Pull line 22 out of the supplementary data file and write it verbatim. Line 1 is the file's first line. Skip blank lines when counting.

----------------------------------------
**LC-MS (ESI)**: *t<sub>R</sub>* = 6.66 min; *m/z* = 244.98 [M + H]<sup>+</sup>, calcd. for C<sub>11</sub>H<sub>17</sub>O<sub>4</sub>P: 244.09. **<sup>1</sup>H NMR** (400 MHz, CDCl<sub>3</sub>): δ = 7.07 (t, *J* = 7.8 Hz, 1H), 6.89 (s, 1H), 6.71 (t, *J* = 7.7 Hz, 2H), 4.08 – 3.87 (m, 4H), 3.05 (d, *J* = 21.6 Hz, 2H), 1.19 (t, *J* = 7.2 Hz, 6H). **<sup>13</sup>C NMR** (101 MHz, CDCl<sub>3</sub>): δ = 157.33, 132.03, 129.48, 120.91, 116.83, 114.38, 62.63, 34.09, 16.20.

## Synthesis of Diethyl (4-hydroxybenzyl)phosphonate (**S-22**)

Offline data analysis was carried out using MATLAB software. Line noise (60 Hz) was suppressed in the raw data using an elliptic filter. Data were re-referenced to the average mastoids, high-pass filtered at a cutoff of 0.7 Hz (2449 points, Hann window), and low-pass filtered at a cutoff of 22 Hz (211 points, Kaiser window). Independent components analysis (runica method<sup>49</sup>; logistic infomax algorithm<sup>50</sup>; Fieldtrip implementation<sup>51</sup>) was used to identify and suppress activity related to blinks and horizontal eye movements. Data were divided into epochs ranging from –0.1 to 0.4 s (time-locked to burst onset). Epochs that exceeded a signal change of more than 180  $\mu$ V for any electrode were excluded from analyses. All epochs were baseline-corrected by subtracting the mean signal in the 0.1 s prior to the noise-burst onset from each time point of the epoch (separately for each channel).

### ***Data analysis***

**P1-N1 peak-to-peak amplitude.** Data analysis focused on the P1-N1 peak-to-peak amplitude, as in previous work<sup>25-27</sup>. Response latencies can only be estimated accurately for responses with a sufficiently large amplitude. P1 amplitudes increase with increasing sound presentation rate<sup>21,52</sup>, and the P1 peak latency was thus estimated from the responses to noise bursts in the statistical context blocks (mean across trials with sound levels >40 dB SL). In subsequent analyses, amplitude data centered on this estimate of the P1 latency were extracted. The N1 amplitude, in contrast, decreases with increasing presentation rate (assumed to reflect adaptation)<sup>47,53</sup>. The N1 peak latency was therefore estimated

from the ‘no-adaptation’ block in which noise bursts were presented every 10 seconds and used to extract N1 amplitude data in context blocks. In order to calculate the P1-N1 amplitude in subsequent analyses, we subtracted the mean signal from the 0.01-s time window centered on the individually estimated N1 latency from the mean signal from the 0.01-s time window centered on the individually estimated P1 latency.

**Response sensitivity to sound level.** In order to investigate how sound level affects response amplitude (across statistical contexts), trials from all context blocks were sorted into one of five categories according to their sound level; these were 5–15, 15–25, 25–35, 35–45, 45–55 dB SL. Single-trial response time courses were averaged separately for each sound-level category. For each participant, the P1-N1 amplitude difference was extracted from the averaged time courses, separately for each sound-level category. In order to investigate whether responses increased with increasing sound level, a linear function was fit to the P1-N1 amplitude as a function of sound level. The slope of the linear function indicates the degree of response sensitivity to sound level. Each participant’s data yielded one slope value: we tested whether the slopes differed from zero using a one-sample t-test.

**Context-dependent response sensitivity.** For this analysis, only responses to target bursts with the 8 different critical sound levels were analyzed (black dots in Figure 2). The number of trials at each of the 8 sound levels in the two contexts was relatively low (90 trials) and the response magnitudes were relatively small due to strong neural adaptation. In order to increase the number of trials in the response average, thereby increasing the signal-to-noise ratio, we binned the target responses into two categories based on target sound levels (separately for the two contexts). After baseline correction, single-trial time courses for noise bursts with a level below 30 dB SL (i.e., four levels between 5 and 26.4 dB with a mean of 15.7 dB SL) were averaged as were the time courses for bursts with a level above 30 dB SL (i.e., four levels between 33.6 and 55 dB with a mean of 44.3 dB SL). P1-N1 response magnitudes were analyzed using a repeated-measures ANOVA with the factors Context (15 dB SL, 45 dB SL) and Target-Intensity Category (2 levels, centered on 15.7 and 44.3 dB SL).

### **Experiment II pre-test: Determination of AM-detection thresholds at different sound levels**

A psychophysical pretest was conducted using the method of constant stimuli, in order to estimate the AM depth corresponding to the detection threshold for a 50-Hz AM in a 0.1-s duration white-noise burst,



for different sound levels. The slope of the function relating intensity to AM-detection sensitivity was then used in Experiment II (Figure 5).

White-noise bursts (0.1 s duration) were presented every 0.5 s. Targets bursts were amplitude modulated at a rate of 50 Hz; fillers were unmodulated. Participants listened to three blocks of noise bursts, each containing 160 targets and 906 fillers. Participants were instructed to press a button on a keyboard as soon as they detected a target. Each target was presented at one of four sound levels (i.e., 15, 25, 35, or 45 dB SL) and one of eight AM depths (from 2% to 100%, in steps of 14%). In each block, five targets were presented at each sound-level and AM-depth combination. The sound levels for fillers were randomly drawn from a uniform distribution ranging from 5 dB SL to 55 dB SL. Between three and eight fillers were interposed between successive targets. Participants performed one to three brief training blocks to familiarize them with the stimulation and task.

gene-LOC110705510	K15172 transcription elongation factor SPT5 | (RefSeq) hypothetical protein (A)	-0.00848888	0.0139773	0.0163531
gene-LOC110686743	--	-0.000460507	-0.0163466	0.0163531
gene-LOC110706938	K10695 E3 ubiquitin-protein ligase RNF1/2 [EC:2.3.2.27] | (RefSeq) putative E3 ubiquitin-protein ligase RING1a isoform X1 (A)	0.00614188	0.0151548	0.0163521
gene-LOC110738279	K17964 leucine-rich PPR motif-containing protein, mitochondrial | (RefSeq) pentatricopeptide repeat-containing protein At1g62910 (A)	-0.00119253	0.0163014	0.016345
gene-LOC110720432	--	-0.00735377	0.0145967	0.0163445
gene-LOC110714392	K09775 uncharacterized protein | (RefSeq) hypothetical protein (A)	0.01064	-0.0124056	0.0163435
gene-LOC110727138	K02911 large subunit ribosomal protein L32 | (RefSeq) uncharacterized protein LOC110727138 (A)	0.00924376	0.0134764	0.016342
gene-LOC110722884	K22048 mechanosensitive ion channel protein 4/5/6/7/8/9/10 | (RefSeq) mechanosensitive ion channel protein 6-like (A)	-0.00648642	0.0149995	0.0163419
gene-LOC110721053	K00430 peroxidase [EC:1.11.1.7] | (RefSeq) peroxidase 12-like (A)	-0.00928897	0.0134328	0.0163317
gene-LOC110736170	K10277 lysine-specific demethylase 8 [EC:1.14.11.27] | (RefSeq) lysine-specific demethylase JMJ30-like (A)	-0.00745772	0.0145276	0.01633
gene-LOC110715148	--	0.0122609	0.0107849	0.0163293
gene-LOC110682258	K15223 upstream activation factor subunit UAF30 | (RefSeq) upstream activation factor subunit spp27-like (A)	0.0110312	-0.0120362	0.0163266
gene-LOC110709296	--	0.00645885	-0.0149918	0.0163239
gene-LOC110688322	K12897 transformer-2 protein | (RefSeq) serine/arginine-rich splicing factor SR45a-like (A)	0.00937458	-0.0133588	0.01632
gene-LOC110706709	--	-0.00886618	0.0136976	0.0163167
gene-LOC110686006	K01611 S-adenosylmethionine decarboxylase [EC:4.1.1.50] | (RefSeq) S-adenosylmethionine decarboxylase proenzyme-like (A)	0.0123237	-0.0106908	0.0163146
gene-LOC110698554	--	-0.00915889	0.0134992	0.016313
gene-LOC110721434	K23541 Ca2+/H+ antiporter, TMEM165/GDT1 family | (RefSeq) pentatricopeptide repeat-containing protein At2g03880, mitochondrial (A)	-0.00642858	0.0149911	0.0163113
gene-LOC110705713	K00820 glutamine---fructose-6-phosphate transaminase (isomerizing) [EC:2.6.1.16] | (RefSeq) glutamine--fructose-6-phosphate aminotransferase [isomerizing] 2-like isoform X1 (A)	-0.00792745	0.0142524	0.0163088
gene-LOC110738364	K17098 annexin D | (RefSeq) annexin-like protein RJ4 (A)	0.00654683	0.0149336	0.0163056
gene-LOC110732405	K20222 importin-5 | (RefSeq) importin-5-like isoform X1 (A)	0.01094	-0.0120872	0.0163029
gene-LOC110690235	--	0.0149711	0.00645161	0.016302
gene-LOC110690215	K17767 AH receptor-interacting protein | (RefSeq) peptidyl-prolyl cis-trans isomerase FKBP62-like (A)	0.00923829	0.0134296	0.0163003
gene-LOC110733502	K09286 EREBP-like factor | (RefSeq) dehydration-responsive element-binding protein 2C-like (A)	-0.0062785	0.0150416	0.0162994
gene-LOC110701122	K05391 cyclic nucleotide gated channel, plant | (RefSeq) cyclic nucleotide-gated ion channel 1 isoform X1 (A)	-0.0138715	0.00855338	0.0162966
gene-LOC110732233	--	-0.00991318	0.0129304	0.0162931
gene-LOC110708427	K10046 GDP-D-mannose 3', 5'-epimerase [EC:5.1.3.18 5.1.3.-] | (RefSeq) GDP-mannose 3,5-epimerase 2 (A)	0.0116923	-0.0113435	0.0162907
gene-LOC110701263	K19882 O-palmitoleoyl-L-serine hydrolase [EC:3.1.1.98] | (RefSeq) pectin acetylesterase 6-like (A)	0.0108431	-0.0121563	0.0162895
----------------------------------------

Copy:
gene-LOC110736170	K10277 lysine-specific demethylase 8 [EC:1.14.11.27] | (RefSeq) lysine-specific demethylase JMJ30-like (A)	-0.00745772	0.0145276	0.01633